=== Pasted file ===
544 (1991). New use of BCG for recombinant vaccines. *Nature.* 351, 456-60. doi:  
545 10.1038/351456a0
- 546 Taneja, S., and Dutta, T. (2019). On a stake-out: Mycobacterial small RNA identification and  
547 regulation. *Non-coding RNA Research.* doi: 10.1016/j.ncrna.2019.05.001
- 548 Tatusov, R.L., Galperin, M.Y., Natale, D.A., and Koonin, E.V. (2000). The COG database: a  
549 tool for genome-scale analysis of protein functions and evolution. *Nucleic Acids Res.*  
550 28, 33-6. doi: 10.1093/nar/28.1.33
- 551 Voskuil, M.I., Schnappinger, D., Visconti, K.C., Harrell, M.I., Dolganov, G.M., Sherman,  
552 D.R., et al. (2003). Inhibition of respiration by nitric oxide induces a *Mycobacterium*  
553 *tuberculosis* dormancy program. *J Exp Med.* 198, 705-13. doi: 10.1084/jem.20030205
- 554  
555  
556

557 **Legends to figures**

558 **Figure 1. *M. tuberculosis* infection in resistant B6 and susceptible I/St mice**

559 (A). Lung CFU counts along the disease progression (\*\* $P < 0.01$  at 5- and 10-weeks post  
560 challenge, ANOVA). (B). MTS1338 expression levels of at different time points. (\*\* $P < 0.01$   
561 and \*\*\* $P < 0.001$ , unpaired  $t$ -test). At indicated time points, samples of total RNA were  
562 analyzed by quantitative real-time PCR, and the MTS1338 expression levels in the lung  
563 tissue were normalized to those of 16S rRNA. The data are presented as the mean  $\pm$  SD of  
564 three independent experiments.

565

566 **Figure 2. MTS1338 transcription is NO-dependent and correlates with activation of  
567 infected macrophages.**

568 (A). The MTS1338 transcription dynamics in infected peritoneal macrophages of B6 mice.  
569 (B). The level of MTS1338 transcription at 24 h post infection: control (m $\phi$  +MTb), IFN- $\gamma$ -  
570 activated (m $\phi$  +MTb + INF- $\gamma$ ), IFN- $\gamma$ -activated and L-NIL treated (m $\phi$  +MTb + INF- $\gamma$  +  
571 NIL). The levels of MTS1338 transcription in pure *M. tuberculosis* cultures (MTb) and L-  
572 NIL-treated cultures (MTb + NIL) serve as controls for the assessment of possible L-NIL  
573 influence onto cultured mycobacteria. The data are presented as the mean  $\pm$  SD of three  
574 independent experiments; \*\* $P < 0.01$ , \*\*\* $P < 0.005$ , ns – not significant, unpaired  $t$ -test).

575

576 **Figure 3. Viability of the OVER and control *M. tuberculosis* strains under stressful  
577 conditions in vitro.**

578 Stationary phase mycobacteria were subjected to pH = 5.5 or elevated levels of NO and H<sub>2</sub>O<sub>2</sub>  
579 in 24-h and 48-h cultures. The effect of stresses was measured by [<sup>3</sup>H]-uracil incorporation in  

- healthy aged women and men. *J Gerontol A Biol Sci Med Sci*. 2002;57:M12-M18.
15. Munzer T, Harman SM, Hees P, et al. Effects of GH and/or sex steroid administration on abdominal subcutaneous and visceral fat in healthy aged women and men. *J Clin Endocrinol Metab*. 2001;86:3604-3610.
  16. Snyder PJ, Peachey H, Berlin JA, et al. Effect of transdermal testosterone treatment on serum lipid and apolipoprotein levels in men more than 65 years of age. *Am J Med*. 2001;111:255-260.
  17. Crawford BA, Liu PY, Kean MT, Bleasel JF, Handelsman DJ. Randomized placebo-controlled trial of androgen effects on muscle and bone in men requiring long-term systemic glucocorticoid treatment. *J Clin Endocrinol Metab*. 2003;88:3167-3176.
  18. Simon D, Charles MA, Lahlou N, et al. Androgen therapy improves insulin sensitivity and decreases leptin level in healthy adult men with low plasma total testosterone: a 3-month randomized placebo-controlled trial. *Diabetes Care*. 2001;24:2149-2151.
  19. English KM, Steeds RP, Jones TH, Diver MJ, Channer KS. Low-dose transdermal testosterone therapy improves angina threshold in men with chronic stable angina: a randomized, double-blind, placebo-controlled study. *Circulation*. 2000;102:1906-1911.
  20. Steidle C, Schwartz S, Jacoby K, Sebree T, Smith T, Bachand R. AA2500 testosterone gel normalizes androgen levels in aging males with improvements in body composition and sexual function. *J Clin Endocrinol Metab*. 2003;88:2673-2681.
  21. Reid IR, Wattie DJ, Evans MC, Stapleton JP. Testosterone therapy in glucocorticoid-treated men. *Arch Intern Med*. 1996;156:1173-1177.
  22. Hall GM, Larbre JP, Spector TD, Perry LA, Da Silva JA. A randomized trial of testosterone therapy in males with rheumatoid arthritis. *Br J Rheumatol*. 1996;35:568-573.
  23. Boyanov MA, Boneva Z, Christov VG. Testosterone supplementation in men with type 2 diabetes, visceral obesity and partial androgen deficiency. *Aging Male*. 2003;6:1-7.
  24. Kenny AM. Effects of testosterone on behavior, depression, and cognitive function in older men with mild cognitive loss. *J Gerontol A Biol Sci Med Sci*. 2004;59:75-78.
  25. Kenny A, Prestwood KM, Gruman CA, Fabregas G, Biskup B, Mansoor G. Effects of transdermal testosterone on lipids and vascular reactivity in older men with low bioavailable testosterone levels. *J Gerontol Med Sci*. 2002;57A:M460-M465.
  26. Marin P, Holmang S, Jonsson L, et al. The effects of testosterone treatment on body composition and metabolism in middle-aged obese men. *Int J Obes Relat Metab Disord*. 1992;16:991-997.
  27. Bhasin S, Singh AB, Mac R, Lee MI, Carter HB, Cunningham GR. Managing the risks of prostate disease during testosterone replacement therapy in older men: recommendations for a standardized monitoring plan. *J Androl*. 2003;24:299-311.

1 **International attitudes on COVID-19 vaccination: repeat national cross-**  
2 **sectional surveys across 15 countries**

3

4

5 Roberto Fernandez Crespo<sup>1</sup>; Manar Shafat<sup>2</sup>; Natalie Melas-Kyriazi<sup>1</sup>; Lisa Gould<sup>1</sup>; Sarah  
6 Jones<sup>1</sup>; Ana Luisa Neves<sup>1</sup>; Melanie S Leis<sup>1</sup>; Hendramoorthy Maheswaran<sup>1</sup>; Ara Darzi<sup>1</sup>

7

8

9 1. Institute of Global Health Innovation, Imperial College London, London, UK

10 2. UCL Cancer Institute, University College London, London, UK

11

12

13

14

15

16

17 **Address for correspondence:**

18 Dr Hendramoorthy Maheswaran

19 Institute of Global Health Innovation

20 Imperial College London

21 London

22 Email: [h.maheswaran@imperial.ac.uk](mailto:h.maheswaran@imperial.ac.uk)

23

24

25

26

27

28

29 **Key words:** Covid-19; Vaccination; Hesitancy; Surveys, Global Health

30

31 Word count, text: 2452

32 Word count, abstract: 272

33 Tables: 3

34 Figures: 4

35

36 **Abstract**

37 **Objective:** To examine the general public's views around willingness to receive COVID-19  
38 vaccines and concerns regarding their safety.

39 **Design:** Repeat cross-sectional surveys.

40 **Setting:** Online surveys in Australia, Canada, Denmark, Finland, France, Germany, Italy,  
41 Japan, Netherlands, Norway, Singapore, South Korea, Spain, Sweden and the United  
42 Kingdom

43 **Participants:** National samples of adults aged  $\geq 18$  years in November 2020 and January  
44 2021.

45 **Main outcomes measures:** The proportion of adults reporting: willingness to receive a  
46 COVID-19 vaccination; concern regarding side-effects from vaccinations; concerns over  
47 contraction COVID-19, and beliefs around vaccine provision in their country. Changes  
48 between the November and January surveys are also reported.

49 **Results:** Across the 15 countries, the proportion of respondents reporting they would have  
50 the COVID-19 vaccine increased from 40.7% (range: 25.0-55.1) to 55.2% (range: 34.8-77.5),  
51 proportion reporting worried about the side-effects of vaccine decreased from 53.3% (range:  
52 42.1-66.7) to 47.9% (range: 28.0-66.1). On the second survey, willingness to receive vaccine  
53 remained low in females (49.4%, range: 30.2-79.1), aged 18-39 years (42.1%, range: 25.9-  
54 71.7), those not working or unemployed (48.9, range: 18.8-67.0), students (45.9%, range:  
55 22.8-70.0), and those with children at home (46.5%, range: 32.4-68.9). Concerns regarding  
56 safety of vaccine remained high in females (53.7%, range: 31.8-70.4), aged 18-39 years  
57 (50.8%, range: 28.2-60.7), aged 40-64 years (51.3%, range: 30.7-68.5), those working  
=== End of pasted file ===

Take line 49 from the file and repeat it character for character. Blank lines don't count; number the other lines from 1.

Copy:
  26. Marin P, Holmang S, Jonsson L, et al. The effects of testosterone treatment on body composition and metabolism in middle-aged obese men. *Int J Obes Relat Metab Disord*. 1992;16:991-997.